Two sets of experiments were conducted to study the reduction behaviour of iron oxide and slag formation. For this purpose, the off-gas composition, produced iron, slag, RD, , and reduction rate were studied.
3.1. Off-Gas and Produced Iron
Argon as an inert gas left the reactor without any reaction, and hydrogen reacted with the iron oxides, namely Fe2
, and FeO, to form H2
O. The off-gas composition during the pre-melting step consisted of Ar, CO, and CO2
, and in the reduction step, H2
, Ar, CO, CO2
, and H2
O. The produced water vapour was condensed in the off-gas cleaning system and was therefore not measured by the MS. Hence, the amount of water vapour was calculated and added to the composition graph of each test run. Every mole of hydrogen produced one mole of water; therefore, the amount of produced water vapour was the difference between the outlet hydrogen shown by MS and the reference diagram within a certain time period. The chemical compositions of the off-gas for the six experiments are shown in Figure 6
Before starting the test runs, all the oxygen in the system was purged out by the injection of argon into the reactor. Therefore, at the start of the pre-melting step, only argon was inside the reactor. Upon the start of arcing and during the pre-melting step, 5 L/min of argon was injected into the reactor for 180 s. Carbon from HGE was introduced into the reduction reactions. Carbon reduced iron oxide and formed CO and CO2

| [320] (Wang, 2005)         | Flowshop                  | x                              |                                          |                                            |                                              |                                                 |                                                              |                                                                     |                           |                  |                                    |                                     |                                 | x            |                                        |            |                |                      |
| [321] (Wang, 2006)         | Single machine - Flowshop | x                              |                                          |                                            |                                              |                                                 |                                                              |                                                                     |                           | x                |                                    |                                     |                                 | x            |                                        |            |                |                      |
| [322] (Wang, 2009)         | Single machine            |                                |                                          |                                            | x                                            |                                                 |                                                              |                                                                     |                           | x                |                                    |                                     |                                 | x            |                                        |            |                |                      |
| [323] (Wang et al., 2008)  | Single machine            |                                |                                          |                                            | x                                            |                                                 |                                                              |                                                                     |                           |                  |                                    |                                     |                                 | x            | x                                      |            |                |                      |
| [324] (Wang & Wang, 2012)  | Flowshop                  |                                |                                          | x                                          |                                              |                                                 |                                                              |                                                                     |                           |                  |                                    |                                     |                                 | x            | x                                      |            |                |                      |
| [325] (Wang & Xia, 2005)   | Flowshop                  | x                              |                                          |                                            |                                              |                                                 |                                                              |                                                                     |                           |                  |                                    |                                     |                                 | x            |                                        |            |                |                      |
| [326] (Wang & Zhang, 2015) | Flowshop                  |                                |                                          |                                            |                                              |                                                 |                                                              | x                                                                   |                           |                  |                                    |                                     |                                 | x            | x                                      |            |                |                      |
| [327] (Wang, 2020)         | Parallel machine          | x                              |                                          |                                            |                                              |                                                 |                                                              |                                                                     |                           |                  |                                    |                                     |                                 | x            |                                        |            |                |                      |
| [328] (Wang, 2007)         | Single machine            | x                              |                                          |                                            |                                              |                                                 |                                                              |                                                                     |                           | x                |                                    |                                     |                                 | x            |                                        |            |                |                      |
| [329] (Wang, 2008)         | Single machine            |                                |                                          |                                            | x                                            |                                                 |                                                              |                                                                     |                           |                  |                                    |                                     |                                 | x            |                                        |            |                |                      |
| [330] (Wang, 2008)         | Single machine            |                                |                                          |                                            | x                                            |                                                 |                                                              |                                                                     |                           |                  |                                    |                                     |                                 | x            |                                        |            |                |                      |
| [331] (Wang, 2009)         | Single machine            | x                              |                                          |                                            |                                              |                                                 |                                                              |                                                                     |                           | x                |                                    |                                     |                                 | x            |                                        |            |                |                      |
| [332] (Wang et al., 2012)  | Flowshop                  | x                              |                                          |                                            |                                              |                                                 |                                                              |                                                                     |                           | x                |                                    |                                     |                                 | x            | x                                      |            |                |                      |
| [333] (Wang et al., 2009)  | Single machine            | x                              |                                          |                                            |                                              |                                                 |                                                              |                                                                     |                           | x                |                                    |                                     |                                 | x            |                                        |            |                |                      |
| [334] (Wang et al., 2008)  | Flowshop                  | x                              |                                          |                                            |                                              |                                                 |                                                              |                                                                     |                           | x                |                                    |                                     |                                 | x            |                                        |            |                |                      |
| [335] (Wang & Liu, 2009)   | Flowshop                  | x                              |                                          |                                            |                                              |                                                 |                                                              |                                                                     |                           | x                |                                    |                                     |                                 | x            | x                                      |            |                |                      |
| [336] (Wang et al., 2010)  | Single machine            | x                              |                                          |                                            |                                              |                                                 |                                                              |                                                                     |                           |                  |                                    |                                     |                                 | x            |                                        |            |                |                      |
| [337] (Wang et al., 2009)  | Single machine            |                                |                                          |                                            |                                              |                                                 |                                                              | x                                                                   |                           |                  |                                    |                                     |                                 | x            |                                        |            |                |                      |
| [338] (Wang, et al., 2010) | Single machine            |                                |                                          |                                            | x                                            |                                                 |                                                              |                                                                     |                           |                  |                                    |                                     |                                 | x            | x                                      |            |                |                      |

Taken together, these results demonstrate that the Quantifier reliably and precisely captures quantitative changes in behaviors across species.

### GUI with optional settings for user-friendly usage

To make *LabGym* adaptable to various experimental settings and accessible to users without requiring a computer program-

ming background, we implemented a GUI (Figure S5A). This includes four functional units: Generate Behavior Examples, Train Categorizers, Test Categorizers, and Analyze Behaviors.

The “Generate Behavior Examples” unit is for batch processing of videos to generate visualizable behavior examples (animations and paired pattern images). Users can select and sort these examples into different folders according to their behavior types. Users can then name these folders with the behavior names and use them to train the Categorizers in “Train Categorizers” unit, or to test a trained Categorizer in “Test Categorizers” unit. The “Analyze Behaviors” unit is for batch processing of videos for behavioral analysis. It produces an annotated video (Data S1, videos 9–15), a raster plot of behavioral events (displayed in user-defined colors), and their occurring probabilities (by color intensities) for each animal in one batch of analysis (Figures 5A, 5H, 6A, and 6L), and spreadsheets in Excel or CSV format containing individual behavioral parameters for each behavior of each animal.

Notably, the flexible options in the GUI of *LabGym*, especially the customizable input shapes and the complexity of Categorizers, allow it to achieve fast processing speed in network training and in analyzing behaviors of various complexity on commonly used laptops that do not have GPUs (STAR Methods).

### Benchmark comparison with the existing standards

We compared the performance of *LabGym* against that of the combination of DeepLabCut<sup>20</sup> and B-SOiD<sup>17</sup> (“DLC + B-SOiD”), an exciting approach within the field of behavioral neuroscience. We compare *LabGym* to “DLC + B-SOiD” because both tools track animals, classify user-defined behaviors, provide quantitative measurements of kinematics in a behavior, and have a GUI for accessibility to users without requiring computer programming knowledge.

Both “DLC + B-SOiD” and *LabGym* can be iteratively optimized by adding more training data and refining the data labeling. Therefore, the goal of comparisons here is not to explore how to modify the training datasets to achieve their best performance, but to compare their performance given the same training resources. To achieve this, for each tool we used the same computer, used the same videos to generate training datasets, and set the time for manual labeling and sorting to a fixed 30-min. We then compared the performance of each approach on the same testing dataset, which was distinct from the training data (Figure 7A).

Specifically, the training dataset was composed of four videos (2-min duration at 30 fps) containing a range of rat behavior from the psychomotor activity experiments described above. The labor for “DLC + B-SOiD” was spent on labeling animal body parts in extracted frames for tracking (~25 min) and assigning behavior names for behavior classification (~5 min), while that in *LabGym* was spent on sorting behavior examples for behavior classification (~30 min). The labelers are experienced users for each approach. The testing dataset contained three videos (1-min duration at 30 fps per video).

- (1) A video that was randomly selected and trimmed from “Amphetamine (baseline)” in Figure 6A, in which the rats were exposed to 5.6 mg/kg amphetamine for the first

. A possible reason for the introduction of a high amount of carbon into the melt at the beginning of the process was that the HGE was cold and a thermal shock could cause a high erosion of the HGE and create a peak of CO and CO2
in the pre-melting step. With the formation of CO and CO2
, the percentage of argon decreased. Then, the reduction process was carried out with an injection of a mixture containing 50% Ar–50% H2
at a total flow rate of 5 L/min. The trends of the gas compositions of all the experiments were similar except for Ex. 6, in which iron oxide was continuously charged into the reactor. The amount of H2